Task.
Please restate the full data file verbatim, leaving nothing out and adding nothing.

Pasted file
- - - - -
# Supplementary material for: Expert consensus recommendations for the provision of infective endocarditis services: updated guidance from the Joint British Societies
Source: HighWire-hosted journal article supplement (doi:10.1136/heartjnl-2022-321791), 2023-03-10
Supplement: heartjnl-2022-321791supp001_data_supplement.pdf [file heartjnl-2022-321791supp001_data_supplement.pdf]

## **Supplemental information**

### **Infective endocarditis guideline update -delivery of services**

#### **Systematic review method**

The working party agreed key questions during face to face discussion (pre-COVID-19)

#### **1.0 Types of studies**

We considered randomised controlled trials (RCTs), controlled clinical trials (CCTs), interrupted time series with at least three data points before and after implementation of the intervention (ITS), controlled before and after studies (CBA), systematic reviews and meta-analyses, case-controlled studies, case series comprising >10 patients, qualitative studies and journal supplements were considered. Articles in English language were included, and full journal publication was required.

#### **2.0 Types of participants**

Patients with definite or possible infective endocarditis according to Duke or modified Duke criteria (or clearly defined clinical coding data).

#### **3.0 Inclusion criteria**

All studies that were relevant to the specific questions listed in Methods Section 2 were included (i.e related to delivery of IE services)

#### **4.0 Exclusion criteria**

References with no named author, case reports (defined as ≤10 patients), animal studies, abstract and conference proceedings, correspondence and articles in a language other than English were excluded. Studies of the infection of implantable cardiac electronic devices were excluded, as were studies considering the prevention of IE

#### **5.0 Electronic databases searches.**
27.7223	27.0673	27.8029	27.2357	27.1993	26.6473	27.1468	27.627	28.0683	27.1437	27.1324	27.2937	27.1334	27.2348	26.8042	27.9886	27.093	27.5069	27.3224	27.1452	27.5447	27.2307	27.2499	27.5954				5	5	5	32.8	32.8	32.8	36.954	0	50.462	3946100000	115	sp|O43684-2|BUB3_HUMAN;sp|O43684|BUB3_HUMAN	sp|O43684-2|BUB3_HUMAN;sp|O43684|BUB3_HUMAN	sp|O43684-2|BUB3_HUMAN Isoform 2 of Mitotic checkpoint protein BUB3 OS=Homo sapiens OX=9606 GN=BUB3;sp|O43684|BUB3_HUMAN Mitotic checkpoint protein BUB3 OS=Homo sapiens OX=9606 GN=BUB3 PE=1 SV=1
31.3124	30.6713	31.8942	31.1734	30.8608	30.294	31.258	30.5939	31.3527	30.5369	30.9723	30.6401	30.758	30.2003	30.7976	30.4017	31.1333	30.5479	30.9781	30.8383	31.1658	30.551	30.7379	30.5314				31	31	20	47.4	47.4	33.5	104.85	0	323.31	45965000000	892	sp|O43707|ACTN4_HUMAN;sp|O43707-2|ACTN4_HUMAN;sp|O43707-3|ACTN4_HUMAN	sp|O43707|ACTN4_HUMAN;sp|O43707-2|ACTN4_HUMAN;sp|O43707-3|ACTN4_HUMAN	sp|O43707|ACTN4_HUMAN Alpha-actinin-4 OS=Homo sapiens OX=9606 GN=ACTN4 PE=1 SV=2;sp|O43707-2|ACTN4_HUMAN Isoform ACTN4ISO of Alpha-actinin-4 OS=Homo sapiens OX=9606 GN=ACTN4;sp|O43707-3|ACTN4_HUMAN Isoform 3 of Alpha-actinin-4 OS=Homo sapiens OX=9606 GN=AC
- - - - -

# Supplementary material for: Expert consensus recommendations for the provision of infective endocarditis services: updated guidance from the Joint British Societies
Source: HighWire-hosted journal article supplement (doi:10.1136/heartjnl-2022-321791), 2023-03-10
Supplement: heartjnl-2022-321791supp001_data_supplement.pdf [file heartjnl-2022-321791supp001_data_supplement.pdf]

## **Supplemental information**

### **Infective endocarditis guideline update -delivery of services**

#### **Systematic review method**

The working party agreed key questions during face to face discussion (pre-COVID-19)

#### **1.0 Types of studies**

We considered randomised controlled trials (RCTs), controlled clinical trials (CCTs), interrupted time series with at least three data points before and after implementation of the intervention (ITS), controlled before and after studies (CBA), systematic reviews and meta-analyses, case-controlled studies, case series comprising >10 patients, qualitative studies and journal supplements were considered. Articles in English language were included, and full journal publication was required.

#### **2.0 Types of participants**

Patients with definite or possible infective endocarditis according to Duke or modified Duke criteria (or clearly defined clinical coding data).

#### **3.0 Inclusion criteria**

All studies that were relevant to the specific questions listed in Methods Section 2 were included (i.e related to delivery of IE services)

#### **4.0 Exclusion criteria**

References with no named author, case reports (defined as ≤10 patients), animal studies, abstract and conference proceedings, correspondence and articles in a language other than English were excluded. Studies of the infection of implantable cardiac electronic devices were excluded, as were studies considering the prevention of IE

#### **5.0 Electronic databases searches.**
27.7223	27.0673	27.8029	27.2357	27.1993	26.6473	27.1468	27.627	28.0683	27.1437	27.1324	27.2937	27.1334	27.2348	26.8042	27.9886	27.093	27.5069	27.3224	27.1452	27.5447	27.2307	27.2499	27.5954				5	5	5	32.8	32.8	32.8	36.954	0	50.462	3946100000	115	sp|O43684-2|BUB3_HUMAN;sp|O43684|BUB3_HUMAN	sp|O43684-2|BUB3_HUMAN;sp|O43684|BUB3_HUMAN	sp|O43684-2|BUB3_HUMAN Isoform 2 of Mitotic checkpoint protein BUB3 OS=Homo sapiens OX=9606 GN=BUB3;sp|O43684|BUB3_HUMAN Mitotic checkpoint protein BUB3 OS=Homo sapiens OX=9606 GN=BUB3 PE=1 SV=1
31.3124	30.6713	31.8942	31.1734	30.8608	30.294	31.258	30.5939	31.3527	30.5369	30.9723	30.6401	30.758	30.2003	30.7976	30.4017	31.1333	30.5479	30.9781	30.8383	31.1658	30.551	30.7379	30.5314				31	31	20	47.4	47.4	33.5	104.85	0	323.31	45965000000	892	sp|O43707|ACTN4_HUMAN;sp|O43707-2|ACTN4_HUMAN;sp|O43707-3|ACTN4_HUMAN	sp|O43707|ACTN4_HUMAN;sp|O43707-2|ACTN4_HUMAN;sp|O43707-3|ACTN4_HUMAN	sp|O43707|ACTN4_HUMAN Alpha-actinin-4 OS=Homo sapiens OX=9606 GN=ACTN4 PE=1 SV=2;sp|O43707-2|ACTN4_HUMAN Isoform ACTN4ISO of Alpha-actinin-4 OS=Homo sapiens OX=9606 GN=ACTN4;sp|O43707-3|ACTN4_HUMAN Isoform 3 of Alpha-actinin-4 OS=Homo sapiens OX=9606 GN=AC